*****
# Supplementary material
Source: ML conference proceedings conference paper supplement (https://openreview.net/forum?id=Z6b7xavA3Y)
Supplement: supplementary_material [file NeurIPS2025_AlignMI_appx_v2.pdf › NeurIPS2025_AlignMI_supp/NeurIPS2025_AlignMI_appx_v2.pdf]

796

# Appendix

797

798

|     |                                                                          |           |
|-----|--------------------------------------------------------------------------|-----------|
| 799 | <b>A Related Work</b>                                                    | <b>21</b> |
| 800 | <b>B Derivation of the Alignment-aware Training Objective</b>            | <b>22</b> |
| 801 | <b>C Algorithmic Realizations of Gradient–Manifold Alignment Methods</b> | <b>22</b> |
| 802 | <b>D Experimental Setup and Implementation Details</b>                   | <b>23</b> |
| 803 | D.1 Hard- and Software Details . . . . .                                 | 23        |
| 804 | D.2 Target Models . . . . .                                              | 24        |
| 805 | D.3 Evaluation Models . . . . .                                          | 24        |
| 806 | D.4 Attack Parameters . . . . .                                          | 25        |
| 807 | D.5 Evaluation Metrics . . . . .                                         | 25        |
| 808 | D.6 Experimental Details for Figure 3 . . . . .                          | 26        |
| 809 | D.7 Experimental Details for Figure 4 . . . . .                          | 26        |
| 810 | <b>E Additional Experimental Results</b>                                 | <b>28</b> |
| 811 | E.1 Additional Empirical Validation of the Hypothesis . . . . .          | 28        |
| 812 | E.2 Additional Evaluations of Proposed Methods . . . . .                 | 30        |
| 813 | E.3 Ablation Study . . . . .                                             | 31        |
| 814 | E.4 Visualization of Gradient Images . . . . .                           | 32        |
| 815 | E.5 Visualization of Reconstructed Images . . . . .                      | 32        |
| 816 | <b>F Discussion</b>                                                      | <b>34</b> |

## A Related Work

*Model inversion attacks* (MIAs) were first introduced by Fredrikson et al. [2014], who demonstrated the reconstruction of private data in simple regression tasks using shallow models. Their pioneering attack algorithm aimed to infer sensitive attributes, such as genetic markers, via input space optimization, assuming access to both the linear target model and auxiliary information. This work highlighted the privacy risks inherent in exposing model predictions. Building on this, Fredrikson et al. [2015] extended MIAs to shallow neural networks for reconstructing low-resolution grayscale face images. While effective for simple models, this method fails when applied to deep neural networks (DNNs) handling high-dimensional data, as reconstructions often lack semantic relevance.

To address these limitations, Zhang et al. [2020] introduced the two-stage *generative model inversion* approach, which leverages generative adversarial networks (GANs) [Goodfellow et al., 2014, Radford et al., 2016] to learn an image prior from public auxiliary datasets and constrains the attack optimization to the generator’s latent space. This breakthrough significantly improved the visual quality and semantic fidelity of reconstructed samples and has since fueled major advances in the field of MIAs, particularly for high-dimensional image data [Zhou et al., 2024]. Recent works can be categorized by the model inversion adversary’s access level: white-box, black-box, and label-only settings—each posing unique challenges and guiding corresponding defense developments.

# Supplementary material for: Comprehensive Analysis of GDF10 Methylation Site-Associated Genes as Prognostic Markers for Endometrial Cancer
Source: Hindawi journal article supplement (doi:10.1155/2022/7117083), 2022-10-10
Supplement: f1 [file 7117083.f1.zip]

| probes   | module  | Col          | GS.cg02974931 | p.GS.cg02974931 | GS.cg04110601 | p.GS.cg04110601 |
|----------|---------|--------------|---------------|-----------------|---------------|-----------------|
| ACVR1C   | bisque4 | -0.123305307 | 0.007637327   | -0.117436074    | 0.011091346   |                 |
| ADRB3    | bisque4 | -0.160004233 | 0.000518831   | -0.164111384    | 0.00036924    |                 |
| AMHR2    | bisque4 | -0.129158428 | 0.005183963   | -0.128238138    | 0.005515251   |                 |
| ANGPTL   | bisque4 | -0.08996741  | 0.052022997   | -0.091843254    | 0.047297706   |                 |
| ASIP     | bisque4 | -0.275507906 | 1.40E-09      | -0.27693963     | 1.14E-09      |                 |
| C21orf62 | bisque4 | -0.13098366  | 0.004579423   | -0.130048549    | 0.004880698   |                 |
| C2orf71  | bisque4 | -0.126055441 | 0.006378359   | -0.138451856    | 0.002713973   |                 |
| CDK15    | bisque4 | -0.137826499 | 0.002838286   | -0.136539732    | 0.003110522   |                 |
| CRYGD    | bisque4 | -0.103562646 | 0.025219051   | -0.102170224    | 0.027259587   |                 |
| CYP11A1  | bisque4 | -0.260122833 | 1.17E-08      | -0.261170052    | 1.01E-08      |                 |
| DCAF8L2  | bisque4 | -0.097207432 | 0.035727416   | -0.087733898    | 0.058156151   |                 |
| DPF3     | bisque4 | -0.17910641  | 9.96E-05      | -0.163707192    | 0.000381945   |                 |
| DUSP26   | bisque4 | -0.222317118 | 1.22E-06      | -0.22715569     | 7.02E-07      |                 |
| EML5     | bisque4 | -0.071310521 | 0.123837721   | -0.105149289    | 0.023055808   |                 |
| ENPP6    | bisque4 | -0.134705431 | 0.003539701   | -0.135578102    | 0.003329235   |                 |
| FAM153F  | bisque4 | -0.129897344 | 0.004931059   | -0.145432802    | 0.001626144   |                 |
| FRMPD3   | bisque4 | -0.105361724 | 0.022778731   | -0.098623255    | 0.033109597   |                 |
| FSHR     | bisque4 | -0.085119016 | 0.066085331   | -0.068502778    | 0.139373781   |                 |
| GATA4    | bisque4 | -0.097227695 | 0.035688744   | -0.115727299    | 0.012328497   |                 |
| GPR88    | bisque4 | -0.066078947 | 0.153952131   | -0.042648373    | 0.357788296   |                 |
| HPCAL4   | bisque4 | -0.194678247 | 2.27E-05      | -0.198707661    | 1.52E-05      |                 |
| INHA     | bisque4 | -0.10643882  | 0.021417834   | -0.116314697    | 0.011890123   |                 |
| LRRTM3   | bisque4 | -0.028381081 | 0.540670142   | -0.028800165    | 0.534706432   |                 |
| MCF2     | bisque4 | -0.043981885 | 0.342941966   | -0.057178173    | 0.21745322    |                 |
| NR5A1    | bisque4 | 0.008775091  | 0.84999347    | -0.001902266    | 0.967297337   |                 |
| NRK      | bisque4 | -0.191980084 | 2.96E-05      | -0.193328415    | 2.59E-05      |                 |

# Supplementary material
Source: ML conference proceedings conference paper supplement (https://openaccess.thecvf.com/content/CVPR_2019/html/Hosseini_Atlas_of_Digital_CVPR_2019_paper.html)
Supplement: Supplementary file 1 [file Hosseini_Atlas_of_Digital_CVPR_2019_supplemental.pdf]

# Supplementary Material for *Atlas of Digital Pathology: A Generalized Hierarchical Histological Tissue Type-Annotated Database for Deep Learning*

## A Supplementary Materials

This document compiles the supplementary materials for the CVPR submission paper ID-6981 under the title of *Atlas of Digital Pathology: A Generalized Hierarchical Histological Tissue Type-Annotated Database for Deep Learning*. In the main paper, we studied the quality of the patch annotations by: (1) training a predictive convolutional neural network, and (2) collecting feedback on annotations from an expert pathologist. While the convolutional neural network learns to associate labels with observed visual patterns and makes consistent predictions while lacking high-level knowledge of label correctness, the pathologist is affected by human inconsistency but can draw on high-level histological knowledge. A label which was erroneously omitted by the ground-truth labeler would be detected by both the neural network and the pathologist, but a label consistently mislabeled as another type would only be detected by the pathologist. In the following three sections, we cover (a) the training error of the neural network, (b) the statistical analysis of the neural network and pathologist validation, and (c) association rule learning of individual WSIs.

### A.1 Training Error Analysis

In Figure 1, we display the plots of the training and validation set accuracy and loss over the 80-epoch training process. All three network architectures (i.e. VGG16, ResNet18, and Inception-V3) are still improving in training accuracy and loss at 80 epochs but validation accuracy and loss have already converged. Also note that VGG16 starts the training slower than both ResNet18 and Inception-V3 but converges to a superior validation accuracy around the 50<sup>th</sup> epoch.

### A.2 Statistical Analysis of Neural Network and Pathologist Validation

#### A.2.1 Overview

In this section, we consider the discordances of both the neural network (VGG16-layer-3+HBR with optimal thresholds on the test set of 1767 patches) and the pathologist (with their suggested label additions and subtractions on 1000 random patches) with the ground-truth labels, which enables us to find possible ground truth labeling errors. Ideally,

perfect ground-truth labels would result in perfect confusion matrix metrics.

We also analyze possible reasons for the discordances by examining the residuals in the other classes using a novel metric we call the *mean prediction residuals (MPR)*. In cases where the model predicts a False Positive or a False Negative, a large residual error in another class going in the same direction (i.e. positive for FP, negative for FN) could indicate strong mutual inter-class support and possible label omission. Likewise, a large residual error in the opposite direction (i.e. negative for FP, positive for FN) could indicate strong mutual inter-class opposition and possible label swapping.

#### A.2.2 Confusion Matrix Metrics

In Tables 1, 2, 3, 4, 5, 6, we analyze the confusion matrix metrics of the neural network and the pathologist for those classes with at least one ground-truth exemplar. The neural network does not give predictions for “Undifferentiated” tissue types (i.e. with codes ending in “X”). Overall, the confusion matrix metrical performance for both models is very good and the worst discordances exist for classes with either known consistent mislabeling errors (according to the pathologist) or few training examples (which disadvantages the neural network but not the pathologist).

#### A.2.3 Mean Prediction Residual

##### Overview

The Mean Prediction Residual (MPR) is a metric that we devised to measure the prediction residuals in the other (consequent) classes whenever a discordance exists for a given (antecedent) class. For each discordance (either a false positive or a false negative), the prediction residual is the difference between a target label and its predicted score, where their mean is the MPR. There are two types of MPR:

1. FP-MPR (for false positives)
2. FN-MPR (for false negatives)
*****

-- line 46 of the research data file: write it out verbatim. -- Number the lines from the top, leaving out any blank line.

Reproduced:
| DCAF8L2  | bisque4 | -0.097207432 | 0.035727416   | -0.087733898    | 0.058156151   |                 |